The Russian-Chinese Program of Cooperation on forest resources development and usage has also been a great help for deepening ties. There are several large-scale projects being launched in Tomsk Oblast, Jewish Autonomous Oblast, Zabaikalsky krai and Irkutsk Oblast.

We are also executing joint projects, such as the construction of a cellulose plant in Khabarovsk krai. This project is developed together with RFP Group, Bank for Development and Foreign Economic Affairs (Vnesheconombank) and China Chentong Holdings Group. The amount of investment could reach $1.5 billion.


PFA: China is the second largest economy in the world. Some predict that very soon, it will overtake the USA as the largest. What trends do you see in this country, and how would you tap on the opportunities here?

VE: China’s economy is on the rise, and one of the reasons is domestic consumer demand growth. This is why the Chinese market is a priority for our timber industry. Geographic proximity is also an important factor. Economic relations between our countries are strong, and we actively support China’s “One Belt and One Road” initiative.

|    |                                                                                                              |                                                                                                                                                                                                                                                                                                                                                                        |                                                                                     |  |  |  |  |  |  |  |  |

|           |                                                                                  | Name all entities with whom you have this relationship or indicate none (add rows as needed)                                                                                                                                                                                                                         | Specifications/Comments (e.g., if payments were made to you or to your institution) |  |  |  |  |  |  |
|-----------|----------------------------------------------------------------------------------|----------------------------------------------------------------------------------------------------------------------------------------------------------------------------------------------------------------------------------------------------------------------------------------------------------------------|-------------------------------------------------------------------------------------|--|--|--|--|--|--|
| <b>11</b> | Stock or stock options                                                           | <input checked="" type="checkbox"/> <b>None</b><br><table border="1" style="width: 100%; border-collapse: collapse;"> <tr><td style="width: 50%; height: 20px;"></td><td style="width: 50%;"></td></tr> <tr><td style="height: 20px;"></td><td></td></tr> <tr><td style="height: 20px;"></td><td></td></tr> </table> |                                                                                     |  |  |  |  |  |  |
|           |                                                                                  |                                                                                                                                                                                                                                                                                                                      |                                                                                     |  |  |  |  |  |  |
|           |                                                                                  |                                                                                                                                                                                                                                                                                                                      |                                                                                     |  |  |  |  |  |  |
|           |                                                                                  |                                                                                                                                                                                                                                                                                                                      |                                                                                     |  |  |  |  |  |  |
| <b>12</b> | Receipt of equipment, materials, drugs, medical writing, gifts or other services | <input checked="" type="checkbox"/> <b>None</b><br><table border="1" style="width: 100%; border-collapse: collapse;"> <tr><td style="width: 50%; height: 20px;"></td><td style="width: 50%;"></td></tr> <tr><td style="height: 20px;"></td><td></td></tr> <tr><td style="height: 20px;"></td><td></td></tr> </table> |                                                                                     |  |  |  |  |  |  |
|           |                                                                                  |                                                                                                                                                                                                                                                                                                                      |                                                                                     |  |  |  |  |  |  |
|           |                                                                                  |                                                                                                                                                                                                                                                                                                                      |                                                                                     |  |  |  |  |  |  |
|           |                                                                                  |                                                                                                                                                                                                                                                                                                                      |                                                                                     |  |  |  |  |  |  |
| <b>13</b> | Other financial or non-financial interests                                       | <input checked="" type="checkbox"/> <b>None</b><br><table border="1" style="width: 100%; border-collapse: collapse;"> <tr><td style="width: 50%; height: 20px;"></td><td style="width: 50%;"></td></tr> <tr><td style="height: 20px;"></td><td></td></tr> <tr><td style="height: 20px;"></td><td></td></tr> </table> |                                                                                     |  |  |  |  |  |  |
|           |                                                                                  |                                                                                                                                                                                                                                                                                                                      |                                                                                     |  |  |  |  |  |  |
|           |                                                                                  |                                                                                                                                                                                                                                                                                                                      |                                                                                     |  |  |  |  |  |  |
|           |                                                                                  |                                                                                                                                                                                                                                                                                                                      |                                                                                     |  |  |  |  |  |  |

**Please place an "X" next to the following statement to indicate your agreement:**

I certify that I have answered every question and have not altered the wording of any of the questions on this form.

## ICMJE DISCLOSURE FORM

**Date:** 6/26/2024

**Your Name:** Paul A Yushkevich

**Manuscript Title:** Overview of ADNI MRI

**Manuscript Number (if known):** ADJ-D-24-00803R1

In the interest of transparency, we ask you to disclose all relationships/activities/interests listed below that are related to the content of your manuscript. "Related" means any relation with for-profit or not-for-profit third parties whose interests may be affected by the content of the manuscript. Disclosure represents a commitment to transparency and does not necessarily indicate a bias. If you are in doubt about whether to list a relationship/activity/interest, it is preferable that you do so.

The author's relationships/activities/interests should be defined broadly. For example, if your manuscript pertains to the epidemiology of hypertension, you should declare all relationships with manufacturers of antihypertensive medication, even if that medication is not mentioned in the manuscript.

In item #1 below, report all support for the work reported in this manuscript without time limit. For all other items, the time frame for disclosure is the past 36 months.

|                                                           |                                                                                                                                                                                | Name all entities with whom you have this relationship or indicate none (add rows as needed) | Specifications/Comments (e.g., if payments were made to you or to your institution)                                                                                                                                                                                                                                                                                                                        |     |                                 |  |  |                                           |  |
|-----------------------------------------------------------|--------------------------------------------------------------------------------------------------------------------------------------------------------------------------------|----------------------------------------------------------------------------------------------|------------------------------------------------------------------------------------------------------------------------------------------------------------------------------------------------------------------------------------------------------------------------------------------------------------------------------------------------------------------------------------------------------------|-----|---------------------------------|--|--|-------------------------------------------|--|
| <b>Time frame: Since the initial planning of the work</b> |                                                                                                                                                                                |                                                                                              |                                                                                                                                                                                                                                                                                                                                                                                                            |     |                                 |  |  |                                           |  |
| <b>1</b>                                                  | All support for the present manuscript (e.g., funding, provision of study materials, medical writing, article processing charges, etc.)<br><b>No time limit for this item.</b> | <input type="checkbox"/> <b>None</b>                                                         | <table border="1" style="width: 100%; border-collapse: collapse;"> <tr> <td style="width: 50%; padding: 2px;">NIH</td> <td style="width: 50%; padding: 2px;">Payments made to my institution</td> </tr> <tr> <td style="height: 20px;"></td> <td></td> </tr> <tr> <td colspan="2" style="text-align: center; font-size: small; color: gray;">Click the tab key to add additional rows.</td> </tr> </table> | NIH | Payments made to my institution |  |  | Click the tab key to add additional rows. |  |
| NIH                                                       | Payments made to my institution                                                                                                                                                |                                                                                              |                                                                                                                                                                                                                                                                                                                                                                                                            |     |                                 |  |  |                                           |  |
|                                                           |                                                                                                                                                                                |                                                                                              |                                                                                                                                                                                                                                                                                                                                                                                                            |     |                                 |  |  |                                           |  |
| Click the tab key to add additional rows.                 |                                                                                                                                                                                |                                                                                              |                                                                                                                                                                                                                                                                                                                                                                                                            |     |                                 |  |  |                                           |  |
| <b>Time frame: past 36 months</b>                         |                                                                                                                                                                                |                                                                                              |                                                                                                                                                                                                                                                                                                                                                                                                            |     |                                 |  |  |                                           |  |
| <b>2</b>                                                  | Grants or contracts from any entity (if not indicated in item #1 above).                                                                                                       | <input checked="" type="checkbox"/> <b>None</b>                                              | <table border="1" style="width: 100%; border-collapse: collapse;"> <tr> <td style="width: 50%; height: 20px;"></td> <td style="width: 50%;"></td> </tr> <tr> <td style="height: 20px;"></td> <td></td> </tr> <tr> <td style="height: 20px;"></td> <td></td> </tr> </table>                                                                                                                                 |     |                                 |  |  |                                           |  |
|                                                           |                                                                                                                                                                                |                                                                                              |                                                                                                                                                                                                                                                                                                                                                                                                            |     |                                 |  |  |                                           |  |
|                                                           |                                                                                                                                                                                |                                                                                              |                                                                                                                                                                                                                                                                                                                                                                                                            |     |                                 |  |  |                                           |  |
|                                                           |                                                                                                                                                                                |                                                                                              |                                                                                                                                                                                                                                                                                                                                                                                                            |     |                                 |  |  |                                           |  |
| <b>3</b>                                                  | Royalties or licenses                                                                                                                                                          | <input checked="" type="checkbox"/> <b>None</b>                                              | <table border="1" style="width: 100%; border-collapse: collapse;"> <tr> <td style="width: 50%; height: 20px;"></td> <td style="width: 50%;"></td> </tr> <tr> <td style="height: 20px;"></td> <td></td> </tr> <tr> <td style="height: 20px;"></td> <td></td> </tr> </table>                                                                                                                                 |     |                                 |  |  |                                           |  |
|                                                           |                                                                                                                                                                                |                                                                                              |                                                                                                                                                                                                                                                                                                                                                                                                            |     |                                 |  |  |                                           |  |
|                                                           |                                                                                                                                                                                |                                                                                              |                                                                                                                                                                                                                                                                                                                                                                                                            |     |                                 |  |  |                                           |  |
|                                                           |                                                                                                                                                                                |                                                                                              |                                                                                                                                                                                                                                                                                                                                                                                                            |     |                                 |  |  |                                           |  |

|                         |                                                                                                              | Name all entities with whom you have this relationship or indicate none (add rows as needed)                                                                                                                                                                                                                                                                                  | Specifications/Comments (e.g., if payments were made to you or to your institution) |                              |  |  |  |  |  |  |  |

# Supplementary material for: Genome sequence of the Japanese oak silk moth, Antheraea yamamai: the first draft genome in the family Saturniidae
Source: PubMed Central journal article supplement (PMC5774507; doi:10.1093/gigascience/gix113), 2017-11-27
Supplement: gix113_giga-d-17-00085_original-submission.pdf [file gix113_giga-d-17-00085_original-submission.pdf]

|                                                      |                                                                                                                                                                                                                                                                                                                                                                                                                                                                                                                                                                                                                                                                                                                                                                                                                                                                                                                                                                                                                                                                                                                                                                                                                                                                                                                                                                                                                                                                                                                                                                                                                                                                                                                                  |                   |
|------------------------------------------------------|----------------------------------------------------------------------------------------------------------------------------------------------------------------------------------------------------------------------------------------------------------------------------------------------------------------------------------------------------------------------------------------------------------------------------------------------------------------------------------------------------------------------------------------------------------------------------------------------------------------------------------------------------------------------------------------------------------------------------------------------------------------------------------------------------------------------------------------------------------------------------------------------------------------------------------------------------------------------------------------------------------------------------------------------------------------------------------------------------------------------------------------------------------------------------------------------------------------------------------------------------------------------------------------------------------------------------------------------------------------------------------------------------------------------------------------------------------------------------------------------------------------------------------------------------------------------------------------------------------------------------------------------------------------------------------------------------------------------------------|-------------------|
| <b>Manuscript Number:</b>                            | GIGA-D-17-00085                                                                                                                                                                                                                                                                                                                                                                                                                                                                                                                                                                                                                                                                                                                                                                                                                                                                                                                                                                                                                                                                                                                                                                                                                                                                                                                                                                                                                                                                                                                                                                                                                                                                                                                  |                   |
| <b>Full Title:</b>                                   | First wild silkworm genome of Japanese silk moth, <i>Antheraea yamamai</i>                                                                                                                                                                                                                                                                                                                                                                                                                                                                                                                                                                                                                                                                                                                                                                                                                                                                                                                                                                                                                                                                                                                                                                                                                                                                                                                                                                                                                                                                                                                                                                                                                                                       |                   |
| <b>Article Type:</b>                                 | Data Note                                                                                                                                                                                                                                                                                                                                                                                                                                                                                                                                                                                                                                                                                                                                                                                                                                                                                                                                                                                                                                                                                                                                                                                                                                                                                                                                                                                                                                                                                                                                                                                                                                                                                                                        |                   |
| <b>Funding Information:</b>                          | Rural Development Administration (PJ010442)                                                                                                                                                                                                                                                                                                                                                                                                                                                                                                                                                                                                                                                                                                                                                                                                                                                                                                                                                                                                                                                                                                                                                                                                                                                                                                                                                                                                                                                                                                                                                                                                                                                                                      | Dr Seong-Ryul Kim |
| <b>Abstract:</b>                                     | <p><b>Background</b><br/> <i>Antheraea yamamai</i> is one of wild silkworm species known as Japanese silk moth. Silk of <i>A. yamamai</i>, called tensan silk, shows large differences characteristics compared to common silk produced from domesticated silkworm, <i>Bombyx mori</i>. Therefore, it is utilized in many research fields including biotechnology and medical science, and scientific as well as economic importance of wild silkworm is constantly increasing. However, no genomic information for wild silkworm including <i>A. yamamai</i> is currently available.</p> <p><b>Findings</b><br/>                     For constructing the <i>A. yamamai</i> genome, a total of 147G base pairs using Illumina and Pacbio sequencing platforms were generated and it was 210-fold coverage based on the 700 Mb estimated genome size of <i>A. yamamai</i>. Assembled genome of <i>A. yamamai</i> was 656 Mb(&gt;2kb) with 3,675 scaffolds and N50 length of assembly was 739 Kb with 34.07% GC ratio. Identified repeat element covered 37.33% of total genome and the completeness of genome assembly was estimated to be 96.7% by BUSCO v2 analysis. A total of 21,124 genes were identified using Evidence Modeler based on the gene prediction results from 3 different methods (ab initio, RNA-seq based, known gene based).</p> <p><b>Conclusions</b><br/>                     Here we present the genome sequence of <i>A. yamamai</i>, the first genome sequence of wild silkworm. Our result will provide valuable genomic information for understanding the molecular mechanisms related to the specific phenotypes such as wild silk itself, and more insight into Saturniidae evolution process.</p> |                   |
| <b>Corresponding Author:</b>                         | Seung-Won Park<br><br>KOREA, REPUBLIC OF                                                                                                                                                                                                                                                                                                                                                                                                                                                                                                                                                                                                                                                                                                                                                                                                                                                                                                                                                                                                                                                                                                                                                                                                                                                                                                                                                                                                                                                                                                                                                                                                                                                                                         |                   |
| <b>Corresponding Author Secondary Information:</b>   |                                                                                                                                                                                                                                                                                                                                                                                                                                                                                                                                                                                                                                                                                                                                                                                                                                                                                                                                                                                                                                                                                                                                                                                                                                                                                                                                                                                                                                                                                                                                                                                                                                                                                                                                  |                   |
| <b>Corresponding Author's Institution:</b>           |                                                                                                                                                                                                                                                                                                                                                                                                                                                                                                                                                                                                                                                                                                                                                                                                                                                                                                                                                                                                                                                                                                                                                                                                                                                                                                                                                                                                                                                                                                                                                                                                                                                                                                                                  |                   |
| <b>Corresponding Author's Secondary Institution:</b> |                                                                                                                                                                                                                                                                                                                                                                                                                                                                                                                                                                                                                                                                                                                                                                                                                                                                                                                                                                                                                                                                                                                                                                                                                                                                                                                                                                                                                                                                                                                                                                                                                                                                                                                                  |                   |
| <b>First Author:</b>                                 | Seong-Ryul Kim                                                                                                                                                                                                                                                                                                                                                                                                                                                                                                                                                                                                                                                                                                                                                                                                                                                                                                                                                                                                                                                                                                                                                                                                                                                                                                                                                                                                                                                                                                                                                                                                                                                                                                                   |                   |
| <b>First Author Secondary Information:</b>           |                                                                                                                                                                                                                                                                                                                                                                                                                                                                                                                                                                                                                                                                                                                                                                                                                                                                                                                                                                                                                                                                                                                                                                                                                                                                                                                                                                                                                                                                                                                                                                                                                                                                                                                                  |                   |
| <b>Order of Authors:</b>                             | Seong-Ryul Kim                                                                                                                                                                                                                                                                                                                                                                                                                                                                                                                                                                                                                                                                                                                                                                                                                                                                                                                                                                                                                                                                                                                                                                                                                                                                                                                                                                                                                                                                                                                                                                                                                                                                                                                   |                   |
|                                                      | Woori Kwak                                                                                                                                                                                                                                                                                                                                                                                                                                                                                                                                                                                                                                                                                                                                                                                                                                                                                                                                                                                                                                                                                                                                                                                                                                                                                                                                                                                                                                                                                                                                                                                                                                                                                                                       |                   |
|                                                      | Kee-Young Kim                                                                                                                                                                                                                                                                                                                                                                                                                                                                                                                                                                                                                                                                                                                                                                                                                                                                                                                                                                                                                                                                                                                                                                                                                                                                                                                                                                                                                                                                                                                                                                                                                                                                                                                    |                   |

We are interested in attracting investment for developing production capacity in the Russian Far East, as well as upgrading forestry enterprises in that region. In turn, China is interested in quality products at competitive prices that come from a neighbour. This is why cellulose industry, furniture production, and wooden housing investments are beneficial for both countries. Such large-scale joint projects expand trade relations and create jobs in both countries.


PFA: What are your current and future plans to promote softwood, bearing in mind that Russian softwood is up against strong competition, such as New Zealand’s radiata pine?